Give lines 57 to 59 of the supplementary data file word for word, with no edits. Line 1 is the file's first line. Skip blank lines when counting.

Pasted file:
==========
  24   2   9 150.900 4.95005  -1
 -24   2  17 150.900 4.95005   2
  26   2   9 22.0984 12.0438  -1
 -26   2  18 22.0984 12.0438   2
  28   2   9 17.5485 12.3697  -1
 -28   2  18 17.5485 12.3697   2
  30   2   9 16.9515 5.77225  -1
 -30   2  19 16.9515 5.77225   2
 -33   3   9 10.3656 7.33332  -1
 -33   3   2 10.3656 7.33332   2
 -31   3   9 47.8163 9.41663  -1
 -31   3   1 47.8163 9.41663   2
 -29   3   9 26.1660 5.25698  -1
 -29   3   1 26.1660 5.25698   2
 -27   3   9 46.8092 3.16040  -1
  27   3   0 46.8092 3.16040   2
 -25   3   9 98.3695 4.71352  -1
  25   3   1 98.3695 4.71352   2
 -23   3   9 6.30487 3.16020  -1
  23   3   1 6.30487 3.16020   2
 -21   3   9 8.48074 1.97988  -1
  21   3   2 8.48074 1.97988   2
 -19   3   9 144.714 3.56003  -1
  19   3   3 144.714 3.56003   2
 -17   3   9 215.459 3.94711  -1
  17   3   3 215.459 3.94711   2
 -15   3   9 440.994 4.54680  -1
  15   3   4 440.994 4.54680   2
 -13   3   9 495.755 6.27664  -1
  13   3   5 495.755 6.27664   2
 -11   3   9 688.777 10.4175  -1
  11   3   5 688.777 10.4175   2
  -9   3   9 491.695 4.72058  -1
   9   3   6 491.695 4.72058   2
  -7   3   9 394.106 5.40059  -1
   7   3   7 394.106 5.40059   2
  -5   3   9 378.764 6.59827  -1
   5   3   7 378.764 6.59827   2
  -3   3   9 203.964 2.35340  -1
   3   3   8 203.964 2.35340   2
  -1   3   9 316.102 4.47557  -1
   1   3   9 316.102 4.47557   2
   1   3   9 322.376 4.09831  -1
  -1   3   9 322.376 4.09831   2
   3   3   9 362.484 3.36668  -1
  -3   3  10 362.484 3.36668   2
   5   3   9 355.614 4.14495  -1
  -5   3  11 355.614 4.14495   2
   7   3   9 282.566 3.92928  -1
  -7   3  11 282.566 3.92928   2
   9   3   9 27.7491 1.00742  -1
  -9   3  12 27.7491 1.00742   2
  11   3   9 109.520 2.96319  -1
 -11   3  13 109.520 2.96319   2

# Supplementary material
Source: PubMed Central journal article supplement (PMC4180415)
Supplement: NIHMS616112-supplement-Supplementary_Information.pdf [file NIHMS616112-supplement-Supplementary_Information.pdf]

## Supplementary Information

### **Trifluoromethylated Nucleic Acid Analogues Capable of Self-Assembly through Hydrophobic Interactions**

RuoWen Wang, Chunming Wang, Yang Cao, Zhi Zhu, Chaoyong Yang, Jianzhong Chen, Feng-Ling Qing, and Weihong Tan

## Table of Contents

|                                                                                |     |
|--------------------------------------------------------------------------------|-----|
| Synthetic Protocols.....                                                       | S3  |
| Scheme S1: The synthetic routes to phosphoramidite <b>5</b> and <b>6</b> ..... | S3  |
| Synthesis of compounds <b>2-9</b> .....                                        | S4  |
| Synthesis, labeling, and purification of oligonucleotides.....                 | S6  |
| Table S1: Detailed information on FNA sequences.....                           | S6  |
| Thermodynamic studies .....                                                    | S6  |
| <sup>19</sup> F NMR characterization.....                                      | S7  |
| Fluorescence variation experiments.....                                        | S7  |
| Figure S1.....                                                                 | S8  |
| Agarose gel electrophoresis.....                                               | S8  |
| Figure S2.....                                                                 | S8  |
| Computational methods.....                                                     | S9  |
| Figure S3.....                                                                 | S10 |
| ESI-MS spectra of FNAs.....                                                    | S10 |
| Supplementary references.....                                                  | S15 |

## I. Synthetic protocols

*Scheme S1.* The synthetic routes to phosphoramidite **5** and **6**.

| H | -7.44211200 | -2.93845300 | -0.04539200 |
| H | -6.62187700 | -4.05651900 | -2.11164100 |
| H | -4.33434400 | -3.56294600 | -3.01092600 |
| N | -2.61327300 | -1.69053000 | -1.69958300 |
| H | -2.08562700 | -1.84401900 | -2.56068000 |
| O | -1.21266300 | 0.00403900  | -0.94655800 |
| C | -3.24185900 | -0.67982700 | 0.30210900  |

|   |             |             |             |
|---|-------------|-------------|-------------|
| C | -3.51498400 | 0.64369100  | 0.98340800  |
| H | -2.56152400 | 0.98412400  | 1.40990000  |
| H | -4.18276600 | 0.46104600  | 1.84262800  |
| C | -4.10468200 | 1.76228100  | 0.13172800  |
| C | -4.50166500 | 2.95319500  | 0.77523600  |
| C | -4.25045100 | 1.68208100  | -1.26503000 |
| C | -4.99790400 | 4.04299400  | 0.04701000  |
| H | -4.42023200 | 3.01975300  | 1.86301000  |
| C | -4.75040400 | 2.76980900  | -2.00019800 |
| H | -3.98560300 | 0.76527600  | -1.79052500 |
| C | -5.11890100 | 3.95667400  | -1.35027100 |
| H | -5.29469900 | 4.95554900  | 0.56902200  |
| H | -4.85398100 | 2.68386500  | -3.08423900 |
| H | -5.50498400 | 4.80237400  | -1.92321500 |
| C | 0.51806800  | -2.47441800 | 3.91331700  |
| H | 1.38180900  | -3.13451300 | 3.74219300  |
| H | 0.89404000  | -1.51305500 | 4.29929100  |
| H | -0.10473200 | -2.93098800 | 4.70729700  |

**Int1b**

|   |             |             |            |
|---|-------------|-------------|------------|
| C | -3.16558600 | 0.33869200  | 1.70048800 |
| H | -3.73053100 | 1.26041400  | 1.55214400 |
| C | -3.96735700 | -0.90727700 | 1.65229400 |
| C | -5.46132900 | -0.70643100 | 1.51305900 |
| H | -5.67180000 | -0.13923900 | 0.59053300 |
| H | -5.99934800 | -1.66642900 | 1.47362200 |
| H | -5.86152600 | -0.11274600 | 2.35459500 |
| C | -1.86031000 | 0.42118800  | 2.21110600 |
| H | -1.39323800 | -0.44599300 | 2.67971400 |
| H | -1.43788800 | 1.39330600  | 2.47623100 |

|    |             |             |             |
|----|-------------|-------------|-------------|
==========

Supplement: NIHMS616112-supplement-Supplementary_Information.pdf [file NIHMS616112-supplement-Supplementary_Information.pdf]

## Supplementary Information

### **Trifluoromethylated Nucleic Acid Analogues Capable of Self-Assembly through Hydrophobic Interactions**